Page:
Why you shouldn't pay much attention to this week's jobs report

Why you shouldn't pay much attention to this week's jobs report (Part 1 of 7)

Why bonds rallied strongly on a weak jobs report of 74,000 jobs

Why follow this weekly real estate roundup?

The roundup is a weekly series in which we discuss the week’s trading in government bonds and TBA (To-Be-Announced) mortgage-backed securities. We’ll see where mortgage rates have been and we’ll go over the weekly economic data and earnings announcements. Then we’ll look forward to what’s coming up the following week. The information in this series will be relevant to mortgage REITs like American Capital Agency (AGNC), Annaly (NLY), Hatteras (HTS), Capstead (CMO), and MFA Financial (MFA) as well as people who invest in homebuilders.

10 year bond yield - LTEnlarge Graph

Bonds rally as the employment report comes in disappointing

Bonds rallied strongly on the employment report, which showed the economy only created 74,000 jobs in December. The unemployment rate dipped to 6.7%. The Street was at around 200,000 jobs with an unemployment rate at 7%. The labor force participation rate dipped again, showing that November’s increase was probably just a statistical blip.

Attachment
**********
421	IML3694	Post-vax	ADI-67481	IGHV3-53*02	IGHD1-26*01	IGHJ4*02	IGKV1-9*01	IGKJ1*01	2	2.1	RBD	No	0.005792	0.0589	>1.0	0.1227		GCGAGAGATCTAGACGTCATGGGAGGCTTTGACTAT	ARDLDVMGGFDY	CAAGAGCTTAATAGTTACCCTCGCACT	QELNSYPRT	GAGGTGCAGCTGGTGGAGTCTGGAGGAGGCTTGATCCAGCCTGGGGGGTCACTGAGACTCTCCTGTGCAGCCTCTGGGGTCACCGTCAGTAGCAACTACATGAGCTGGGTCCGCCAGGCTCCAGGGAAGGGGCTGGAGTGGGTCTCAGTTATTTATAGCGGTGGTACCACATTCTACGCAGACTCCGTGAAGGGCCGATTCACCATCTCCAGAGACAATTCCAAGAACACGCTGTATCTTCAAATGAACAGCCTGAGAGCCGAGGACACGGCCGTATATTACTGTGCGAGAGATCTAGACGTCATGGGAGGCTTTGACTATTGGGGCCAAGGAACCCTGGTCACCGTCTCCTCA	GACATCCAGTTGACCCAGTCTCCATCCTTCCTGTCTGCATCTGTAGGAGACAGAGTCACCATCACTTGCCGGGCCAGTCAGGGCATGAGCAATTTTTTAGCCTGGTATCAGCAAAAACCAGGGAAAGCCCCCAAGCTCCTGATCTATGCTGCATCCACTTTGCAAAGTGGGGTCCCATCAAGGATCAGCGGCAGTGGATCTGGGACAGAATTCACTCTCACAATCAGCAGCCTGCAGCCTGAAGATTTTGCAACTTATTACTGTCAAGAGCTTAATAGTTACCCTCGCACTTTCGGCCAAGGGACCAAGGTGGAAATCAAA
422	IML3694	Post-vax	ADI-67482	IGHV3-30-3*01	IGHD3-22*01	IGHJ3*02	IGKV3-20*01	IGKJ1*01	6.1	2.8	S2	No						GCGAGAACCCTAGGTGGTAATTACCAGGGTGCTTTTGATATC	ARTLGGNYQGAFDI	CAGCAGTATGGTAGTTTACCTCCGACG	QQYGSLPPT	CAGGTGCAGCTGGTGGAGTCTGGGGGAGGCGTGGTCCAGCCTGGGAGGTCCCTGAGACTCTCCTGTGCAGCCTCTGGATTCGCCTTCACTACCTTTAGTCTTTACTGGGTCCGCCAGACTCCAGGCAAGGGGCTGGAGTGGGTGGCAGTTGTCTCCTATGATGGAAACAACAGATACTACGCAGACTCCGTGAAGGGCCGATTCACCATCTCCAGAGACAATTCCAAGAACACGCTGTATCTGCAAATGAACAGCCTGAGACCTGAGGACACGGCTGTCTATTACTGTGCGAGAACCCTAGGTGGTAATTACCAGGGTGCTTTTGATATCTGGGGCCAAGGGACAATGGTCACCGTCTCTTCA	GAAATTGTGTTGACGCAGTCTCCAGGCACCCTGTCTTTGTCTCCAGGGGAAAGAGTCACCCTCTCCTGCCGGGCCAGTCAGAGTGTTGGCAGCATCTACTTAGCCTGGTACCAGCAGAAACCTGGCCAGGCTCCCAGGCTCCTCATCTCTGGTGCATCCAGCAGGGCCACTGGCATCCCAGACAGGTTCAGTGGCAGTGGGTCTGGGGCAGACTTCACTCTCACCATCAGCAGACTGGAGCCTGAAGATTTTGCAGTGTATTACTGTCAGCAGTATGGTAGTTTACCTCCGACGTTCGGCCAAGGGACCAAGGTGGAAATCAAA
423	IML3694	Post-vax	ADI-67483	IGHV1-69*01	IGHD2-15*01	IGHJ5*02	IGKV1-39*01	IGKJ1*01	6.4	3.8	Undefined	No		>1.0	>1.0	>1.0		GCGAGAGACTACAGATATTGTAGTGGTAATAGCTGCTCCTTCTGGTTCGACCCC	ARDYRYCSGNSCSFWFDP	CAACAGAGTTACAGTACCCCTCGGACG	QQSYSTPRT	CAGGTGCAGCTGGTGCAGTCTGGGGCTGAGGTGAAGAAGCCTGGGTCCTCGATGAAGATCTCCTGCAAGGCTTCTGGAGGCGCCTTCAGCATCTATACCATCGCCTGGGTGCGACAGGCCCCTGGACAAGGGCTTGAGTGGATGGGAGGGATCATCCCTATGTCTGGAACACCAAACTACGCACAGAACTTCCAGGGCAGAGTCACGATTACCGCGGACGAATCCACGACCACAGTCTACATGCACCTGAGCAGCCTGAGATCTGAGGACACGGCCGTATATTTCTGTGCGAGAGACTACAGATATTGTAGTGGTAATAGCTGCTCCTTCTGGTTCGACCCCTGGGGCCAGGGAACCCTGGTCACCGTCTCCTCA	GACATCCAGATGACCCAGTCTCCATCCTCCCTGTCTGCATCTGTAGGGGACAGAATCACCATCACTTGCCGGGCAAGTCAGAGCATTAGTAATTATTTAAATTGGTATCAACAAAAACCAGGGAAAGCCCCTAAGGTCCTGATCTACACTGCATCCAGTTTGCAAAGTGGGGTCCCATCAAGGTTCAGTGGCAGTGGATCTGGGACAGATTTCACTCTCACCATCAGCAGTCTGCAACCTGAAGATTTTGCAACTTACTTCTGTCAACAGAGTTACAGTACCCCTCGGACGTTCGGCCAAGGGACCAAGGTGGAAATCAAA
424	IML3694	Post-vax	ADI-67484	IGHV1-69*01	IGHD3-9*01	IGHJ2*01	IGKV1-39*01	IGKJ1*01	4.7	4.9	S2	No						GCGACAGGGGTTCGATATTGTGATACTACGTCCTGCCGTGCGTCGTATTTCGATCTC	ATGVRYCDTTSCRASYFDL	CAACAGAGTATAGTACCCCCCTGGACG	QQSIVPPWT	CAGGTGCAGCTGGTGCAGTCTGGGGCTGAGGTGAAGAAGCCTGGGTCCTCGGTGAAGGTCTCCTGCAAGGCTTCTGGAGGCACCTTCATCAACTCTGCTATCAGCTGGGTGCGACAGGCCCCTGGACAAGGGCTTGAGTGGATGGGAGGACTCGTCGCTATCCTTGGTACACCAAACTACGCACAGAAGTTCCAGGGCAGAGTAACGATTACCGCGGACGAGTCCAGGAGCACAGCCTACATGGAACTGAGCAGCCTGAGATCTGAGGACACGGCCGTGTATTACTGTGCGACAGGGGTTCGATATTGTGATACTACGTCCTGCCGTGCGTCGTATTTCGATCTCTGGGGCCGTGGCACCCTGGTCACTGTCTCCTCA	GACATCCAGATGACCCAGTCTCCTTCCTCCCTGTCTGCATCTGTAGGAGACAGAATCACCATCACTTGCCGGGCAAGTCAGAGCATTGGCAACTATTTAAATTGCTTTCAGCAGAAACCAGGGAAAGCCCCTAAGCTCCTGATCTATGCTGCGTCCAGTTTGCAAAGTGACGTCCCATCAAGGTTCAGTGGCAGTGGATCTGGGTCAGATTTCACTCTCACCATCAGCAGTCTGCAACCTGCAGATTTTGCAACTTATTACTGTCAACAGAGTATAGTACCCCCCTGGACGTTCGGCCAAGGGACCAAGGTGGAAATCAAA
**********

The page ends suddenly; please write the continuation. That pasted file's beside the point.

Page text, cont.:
After starting the week right at the 3% level, bonds stayed within a few basis points of that level and then rallied to close the week yielding 2.86%.

FOMC minutes don’t say anything earth-shattering

We also got the minutes from the December FOMC meeting on Wednesday last week. Nothing surprising was in the report, although the Fed is starting to think about how it will spin the capital losses it expects to experience as interest rates begin to rise. (It will encourage people to look at QE holistically—yes, the Fed may have lost money on its purchases of Treasuries and MBS, but it was stimulating the economy, which led to higher tax revenues than the government would have otherwise had.)

In the next parts of this series, we’ll look at trading in the TBA market (which is the basis for mortgage rates), see where mortgage rates have been for the week, and then discuss past and upcoming economic data.

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